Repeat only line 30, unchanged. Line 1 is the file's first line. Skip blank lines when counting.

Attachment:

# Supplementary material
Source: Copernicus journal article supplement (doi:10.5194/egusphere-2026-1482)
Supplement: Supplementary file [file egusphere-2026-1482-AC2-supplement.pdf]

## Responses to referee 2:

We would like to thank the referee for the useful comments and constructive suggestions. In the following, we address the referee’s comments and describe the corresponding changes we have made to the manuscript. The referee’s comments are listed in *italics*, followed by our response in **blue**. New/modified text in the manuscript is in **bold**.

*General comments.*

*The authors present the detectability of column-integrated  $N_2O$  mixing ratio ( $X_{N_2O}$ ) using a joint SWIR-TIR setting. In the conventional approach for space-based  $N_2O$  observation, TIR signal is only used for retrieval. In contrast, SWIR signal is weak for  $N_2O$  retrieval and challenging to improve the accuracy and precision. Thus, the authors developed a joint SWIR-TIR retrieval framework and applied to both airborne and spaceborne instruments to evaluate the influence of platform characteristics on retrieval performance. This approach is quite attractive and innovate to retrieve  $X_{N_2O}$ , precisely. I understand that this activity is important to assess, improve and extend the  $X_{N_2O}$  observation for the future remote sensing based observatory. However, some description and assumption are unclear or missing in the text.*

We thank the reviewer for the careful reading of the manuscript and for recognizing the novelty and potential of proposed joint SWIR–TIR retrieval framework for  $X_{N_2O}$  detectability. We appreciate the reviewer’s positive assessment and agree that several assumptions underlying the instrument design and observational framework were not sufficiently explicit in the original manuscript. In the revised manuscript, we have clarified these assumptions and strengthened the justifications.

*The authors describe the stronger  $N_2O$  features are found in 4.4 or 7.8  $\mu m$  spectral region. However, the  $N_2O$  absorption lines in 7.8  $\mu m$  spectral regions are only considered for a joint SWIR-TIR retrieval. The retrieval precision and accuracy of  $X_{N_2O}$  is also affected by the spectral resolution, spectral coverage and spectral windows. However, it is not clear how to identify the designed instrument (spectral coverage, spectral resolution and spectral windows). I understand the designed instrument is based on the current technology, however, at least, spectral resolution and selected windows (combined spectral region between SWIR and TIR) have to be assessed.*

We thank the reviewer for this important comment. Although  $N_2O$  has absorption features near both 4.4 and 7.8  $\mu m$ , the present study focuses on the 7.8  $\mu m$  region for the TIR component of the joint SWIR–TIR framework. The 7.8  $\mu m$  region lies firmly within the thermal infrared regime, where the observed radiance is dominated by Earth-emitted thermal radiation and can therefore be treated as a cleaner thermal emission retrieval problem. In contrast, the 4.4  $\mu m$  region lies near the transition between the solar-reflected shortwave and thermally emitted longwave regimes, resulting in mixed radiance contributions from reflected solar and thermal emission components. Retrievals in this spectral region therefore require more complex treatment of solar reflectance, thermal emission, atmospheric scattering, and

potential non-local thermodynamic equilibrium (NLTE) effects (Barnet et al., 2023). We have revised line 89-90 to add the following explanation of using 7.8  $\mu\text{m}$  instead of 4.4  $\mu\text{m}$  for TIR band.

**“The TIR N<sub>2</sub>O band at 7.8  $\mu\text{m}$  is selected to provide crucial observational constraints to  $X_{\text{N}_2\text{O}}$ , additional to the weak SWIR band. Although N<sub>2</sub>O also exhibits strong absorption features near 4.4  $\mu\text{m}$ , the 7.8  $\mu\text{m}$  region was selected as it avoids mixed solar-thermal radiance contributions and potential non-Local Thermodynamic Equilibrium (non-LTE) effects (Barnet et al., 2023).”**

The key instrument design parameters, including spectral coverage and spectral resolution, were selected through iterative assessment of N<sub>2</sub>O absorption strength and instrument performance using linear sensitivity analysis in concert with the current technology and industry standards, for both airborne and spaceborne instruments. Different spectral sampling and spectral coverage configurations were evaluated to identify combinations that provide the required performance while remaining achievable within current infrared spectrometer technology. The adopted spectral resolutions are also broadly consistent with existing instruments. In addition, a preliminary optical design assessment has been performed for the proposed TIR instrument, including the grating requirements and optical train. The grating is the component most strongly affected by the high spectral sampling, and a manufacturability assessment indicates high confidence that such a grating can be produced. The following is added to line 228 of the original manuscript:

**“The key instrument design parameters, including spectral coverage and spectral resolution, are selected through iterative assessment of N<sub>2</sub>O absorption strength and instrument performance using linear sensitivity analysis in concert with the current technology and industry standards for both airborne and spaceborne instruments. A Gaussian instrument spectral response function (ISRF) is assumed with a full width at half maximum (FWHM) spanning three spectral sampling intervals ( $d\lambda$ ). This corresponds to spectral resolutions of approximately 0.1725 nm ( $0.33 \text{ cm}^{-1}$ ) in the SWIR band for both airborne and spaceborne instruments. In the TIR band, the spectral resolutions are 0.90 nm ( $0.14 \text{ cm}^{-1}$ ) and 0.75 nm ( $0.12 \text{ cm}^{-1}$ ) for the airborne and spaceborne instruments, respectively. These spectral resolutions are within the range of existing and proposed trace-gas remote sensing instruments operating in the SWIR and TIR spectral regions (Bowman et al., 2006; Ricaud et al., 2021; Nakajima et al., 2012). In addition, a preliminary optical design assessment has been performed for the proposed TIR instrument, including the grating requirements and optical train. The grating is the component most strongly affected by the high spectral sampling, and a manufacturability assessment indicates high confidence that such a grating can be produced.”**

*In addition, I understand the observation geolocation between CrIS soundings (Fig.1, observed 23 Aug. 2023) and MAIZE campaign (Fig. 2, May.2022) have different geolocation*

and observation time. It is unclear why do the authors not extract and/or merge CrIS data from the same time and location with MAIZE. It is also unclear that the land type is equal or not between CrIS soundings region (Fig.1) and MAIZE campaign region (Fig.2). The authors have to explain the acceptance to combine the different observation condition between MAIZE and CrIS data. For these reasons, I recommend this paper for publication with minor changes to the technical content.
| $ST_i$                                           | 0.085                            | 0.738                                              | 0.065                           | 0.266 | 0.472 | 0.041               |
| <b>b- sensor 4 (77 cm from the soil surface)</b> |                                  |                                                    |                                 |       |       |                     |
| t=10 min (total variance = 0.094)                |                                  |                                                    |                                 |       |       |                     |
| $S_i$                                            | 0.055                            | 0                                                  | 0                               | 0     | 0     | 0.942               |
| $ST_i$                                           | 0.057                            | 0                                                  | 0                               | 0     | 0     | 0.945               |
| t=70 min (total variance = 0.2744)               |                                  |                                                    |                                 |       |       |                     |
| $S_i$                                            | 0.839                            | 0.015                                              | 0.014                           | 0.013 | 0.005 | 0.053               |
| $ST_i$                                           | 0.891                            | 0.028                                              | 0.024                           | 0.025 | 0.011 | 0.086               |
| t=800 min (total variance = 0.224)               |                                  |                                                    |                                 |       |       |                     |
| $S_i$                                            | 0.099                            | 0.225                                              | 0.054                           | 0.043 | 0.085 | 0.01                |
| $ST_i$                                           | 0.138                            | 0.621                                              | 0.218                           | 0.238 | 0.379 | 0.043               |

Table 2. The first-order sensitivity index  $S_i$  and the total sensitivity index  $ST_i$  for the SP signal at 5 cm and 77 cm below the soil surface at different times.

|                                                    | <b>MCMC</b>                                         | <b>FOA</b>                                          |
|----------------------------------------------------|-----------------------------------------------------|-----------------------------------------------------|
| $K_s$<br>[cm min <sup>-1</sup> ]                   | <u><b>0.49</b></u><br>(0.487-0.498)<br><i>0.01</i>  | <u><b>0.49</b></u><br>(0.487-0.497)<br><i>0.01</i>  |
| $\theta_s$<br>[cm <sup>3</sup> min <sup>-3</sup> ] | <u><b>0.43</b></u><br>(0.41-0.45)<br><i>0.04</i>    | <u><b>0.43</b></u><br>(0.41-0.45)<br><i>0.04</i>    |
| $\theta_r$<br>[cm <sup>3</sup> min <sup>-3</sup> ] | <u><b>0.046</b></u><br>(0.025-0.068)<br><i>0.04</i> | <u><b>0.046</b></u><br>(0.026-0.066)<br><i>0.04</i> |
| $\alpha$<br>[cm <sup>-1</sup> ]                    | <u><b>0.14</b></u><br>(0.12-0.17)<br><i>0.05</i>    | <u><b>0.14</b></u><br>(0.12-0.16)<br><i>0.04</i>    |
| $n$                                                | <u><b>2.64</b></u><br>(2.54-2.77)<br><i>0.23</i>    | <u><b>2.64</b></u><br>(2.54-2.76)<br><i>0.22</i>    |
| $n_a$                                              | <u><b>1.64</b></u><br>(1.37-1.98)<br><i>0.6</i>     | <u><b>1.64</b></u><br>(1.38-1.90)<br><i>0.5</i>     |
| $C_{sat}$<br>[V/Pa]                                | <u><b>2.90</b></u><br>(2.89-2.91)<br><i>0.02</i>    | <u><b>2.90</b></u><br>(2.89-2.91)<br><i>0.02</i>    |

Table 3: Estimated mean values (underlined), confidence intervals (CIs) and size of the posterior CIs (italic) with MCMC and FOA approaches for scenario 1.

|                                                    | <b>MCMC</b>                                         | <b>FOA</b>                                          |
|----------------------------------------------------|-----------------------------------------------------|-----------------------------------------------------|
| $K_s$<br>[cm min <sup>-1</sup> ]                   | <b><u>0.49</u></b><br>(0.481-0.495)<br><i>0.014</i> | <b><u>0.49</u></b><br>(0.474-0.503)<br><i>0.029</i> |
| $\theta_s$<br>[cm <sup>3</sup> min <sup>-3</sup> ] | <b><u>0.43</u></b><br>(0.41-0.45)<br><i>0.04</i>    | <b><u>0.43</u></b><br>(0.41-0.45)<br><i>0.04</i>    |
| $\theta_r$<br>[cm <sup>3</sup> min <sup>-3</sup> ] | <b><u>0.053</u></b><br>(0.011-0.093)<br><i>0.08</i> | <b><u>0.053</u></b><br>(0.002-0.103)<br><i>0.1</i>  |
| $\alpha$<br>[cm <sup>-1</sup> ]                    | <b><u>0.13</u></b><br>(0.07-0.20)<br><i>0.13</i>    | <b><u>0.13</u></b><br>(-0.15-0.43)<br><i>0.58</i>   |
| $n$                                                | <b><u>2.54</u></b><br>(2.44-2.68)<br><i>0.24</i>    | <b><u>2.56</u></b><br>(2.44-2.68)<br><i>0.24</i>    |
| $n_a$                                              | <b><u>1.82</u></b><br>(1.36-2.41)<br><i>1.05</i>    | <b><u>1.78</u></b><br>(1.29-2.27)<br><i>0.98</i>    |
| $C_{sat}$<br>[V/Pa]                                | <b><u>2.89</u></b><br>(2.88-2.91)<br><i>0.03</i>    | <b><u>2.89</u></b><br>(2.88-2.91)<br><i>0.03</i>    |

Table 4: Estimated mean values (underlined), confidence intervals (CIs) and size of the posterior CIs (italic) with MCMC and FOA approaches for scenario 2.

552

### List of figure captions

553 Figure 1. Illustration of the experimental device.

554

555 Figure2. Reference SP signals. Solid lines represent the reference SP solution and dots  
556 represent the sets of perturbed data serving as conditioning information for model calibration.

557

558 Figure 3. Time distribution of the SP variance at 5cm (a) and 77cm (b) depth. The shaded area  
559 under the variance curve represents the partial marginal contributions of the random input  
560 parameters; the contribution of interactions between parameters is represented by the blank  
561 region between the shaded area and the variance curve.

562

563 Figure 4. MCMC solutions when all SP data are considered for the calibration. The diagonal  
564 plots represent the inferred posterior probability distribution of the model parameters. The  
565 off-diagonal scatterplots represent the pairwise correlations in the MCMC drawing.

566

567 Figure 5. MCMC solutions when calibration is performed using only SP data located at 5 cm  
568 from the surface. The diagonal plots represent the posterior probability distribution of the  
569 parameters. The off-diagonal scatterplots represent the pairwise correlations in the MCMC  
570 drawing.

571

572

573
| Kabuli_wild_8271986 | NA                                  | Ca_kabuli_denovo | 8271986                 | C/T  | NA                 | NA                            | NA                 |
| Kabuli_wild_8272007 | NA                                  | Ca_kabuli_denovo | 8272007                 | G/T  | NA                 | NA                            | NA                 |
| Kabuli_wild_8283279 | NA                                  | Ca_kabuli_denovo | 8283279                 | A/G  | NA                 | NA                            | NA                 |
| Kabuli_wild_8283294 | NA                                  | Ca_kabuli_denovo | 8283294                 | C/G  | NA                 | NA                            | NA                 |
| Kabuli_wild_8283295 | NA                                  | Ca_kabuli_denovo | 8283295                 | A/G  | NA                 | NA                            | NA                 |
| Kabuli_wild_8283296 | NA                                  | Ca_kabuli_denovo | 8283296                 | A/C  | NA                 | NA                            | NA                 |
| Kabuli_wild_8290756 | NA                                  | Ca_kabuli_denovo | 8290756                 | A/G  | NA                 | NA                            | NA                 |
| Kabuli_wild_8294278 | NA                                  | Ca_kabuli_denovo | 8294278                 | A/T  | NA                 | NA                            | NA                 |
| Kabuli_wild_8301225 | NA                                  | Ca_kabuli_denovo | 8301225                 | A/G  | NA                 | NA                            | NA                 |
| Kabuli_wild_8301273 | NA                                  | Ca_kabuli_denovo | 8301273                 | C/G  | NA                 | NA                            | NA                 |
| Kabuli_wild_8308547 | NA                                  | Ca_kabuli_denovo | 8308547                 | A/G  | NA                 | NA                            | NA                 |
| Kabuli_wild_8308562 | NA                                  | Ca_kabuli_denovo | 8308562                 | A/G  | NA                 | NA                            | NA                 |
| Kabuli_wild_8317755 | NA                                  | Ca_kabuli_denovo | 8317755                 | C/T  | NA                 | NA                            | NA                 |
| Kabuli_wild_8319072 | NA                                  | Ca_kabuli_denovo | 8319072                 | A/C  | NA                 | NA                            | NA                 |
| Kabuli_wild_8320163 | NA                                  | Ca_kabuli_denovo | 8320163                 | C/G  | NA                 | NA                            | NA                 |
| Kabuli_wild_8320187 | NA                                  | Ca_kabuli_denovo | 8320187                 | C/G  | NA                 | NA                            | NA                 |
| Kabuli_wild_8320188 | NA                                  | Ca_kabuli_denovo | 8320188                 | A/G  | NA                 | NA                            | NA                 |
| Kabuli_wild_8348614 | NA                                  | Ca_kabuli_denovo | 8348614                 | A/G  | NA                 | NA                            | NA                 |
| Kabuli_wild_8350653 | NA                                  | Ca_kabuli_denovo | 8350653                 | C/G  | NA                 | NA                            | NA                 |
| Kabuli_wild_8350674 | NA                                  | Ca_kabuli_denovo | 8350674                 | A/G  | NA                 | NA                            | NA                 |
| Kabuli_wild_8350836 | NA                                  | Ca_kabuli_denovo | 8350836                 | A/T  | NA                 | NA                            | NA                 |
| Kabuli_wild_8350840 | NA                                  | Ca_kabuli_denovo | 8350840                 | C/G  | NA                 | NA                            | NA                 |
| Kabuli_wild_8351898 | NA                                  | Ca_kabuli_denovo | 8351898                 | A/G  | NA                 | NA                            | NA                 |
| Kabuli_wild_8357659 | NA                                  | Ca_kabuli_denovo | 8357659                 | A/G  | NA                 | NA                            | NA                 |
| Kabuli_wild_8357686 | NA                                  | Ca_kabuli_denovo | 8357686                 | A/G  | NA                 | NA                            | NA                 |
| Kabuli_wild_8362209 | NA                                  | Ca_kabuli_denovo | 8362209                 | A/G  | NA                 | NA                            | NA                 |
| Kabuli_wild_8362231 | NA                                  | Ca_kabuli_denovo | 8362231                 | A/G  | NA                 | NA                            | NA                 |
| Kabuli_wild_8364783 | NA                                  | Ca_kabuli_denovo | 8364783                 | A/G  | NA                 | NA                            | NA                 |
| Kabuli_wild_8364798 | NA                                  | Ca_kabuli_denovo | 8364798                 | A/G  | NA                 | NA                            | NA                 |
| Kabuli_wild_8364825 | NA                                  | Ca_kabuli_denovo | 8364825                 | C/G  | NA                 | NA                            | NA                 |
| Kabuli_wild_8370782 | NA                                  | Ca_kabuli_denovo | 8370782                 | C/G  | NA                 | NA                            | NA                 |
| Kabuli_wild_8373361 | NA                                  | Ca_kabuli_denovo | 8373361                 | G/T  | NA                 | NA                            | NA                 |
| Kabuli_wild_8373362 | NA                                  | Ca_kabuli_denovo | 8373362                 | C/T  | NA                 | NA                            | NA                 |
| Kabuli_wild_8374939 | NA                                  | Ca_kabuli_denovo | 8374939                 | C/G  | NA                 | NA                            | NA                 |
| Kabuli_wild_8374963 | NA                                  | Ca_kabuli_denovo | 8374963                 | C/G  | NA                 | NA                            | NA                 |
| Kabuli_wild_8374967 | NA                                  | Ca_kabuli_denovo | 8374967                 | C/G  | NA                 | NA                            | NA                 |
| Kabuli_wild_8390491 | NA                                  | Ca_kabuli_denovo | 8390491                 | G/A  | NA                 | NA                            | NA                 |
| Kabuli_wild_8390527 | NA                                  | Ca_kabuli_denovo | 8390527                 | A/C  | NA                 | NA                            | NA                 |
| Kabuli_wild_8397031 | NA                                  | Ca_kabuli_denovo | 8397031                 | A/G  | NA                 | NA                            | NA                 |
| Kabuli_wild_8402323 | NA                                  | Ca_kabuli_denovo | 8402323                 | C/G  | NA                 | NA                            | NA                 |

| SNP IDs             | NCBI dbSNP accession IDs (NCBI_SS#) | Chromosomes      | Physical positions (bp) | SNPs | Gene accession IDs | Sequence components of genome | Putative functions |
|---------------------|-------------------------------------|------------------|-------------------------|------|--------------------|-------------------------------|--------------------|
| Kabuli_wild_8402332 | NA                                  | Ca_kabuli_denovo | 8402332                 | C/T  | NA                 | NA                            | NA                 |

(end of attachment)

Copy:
|----------------------------------------------------|-----------------------------------------------------|-----------------------------------------------------|